Reporting of infectious diseases other than COVID-19 has been greatly decreased throughout the COVID-19 pandemic. We find this decrease varies by routes of transmission, reporting state, and COVID-19 incidence at the time of reporting. These results underscore the need for continual investment in routine surveillance efforts despite pandemic conditions.
The coronavirus disease 2019 (COVID-19) pandemic has led to substantial changes in population behaviors within the United States, potentially resulting in altered patterns of exposure to other infectious pathogens . Evidence suggests the same nonpharmaceutical interventions employed to prevent transmission of severe acute respiratory syndrome coronavirus 2 (SARS-CoV-2) likely led to reduced incidence of influenza in the United States and other countries in 2020 [2, 3]. The COVID-19 pandemic has also caused disruptions in the reporting of other infectious diseases. It has been shown that reporting of sexually transmitted diseases (STDs) was reduced during national surges in COVID-19 incidence  and STD programs nationwide report reappropriation of resources towards COVID-19 response, with disruption of typical disease intervention services . Understanding the impact of the COVID-19 pandemic on transmission patterns of other infectious diseases holds significant implications for public health, but this topic has not yet been studied within the United States. We analyzed national- and state-level surveillance data from 2015 to 2021 to better understand how infectious diseases reporting changed during the COVID-19 pandemic and how such changes may have varied by geography and route of transmission.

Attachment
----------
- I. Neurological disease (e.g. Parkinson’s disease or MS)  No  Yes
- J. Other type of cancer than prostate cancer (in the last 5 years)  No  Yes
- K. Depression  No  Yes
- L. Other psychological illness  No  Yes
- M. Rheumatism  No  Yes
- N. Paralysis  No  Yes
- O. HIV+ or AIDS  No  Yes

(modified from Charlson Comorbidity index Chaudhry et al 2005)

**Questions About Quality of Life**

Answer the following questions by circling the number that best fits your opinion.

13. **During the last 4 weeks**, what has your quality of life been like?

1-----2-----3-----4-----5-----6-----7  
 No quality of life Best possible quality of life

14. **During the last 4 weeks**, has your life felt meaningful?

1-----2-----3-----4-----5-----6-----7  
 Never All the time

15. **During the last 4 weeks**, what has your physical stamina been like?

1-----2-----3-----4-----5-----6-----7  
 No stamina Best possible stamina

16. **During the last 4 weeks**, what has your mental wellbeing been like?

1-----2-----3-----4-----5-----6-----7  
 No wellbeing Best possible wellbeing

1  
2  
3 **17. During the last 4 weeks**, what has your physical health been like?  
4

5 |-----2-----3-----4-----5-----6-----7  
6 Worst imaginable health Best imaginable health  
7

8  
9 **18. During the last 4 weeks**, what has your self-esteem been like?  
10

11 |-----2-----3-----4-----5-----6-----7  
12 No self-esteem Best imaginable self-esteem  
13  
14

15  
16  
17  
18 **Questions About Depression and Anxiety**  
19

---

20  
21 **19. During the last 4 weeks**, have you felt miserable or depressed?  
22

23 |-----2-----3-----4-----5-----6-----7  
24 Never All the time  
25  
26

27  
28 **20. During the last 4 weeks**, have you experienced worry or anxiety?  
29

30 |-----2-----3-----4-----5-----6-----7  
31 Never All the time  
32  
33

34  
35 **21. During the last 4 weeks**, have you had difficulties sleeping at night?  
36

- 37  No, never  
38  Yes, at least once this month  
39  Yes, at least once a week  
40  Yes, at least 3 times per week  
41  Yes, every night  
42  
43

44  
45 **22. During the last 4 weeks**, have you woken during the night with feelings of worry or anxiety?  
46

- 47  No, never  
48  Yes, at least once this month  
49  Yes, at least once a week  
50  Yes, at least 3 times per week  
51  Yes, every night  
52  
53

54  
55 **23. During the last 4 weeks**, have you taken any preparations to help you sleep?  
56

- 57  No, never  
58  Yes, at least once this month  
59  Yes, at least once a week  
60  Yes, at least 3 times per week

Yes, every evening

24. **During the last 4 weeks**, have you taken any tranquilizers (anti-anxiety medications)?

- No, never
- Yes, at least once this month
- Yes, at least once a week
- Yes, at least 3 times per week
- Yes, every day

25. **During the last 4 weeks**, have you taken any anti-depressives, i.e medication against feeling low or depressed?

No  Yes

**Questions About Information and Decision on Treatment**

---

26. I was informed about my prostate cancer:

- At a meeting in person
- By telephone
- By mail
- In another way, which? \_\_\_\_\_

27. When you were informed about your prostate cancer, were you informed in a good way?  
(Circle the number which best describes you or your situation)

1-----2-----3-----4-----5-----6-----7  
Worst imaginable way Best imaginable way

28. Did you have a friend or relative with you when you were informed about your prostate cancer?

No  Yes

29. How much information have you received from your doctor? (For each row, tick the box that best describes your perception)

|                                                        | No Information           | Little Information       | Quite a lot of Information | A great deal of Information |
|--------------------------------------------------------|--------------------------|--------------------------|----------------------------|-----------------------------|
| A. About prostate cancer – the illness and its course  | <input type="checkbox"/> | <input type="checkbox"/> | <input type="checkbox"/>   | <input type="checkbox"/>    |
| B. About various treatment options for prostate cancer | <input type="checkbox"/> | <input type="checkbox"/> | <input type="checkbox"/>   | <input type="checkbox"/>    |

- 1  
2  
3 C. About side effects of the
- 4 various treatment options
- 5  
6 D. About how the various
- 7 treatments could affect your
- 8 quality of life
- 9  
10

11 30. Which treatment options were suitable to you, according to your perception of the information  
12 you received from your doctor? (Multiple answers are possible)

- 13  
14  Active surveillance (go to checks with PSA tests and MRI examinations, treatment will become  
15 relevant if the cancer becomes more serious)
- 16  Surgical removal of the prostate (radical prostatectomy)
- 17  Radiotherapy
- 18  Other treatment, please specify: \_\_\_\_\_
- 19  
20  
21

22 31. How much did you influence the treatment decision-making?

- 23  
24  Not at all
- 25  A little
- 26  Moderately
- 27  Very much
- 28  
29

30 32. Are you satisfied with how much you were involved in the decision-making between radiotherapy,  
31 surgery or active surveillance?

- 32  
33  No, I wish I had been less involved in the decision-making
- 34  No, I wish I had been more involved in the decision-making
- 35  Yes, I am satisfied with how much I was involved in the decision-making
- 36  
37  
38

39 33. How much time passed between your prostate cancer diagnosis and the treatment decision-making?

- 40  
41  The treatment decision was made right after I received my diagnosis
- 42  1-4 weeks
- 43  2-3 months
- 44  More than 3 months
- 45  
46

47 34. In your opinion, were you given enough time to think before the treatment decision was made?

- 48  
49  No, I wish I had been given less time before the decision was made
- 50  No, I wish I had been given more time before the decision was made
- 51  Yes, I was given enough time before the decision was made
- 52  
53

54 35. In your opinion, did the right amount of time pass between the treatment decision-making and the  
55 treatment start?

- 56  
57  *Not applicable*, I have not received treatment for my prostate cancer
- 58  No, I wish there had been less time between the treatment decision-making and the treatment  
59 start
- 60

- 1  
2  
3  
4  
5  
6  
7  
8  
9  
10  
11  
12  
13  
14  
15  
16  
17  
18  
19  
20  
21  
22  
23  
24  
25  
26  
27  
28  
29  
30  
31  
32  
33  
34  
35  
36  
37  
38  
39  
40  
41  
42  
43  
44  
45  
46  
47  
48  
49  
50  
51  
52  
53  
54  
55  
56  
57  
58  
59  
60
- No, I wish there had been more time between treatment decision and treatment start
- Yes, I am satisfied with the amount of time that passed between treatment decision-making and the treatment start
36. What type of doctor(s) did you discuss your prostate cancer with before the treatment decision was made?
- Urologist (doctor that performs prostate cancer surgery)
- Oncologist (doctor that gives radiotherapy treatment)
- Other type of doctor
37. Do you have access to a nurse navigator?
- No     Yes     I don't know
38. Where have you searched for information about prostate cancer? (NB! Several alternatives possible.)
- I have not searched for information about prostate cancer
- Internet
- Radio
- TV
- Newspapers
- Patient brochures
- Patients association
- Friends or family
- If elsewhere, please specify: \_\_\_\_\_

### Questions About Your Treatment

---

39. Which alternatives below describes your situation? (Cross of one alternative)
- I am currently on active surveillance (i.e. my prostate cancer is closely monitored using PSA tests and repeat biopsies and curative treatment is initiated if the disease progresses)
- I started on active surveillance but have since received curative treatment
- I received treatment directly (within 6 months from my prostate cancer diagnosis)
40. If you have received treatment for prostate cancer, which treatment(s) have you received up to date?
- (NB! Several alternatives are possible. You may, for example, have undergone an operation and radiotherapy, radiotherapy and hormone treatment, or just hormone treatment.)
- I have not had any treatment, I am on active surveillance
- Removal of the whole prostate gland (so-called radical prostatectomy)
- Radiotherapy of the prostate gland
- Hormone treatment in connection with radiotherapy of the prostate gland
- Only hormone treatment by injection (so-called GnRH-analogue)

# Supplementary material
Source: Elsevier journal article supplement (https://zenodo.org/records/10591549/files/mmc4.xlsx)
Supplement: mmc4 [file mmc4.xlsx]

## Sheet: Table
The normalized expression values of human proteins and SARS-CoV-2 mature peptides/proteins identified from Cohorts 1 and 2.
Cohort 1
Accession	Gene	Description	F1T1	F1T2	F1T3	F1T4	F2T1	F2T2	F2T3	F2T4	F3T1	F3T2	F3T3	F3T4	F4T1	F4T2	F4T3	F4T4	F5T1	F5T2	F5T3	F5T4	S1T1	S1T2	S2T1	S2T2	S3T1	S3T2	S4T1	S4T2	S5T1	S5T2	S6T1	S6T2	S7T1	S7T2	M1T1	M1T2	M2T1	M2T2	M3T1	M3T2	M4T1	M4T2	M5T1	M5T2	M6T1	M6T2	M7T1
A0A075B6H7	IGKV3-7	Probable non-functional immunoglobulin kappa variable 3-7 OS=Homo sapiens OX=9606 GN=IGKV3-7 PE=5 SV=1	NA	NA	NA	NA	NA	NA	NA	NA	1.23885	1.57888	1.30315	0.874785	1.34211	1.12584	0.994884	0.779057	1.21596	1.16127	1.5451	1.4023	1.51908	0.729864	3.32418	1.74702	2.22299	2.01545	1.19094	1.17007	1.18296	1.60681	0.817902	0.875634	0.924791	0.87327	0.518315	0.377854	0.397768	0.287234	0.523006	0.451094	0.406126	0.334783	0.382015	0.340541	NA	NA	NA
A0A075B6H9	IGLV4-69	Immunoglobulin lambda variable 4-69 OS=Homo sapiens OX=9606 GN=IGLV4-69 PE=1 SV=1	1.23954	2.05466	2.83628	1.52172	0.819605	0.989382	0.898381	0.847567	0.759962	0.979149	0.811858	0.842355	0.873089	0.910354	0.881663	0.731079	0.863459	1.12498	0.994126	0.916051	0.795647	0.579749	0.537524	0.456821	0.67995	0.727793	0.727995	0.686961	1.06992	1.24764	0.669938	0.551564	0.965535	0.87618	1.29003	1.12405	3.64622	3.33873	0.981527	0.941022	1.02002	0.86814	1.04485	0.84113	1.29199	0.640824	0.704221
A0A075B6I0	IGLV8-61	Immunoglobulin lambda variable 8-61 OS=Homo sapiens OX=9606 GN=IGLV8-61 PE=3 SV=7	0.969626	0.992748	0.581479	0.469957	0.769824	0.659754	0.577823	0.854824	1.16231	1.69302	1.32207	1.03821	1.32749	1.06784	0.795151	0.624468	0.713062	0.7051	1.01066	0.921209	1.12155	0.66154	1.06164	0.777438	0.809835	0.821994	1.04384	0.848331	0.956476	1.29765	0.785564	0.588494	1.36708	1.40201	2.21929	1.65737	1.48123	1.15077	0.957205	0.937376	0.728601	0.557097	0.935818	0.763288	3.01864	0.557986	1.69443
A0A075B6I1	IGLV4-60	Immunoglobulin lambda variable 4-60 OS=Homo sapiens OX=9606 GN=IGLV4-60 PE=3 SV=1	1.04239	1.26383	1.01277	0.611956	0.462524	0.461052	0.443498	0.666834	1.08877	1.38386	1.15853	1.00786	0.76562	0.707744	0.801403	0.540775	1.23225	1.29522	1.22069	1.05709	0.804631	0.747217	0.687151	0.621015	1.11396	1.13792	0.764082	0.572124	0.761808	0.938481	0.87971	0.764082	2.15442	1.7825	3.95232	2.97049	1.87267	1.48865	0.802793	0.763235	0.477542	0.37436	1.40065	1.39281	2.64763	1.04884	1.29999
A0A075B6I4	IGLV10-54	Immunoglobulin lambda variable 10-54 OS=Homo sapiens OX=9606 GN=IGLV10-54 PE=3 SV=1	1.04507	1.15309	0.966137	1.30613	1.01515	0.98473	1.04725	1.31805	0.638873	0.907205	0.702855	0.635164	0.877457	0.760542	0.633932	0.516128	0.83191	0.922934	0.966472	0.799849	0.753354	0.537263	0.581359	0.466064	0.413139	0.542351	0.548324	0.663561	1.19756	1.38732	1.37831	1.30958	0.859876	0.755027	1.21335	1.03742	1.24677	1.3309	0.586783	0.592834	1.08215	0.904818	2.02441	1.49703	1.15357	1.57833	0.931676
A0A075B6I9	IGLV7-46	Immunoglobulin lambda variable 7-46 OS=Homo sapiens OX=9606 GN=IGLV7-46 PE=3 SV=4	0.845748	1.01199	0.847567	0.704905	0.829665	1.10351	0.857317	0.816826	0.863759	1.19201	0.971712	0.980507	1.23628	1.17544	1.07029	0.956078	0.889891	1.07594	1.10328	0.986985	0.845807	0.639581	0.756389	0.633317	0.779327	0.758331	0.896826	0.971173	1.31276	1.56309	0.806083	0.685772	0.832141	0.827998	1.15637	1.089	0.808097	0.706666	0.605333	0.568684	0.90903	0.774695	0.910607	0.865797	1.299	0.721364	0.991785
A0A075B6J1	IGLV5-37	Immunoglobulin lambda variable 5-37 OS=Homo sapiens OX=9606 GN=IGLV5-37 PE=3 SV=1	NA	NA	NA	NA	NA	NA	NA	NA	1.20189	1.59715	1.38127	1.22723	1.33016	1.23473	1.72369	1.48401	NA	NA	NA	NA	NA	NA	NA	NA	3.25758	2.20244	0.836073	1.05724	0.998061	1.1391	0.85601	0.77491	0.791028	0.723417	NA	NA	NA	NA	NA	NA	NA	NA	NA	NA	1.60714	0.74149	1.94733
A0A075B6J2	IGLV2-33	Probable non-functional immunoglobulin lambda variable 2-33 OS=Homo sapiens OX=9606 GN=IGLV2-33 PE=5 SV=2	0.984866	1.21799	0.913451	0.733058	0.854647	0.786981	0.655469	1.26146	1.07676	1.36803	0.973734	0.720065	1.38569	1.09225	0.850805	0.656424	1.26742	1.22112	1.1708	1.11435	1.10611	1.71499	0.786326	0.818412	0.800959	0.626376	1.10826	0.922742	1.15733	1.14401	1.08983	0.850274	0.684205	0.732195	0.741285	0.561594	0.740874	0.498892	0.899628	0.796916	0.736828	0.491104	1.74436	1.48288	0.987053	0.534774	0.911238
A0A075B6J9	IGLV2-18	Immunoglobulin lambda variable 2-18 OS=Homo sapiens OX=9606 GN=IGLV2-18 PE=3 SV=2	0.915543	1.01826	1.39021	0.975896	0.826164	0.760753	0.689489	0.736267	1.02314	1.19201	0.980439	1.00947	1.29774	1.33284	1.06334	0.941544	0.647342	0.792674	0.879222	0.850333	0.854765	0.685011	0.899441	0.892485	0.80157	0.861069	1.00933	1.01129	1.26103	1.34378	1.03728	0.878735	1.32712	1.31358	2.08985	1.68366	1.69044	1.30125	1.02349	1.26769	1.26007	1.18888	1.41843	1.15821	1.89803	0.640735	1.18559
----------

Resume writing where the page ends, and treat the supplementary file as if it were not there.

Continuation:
This study was published in Clinical Infectious Diseases.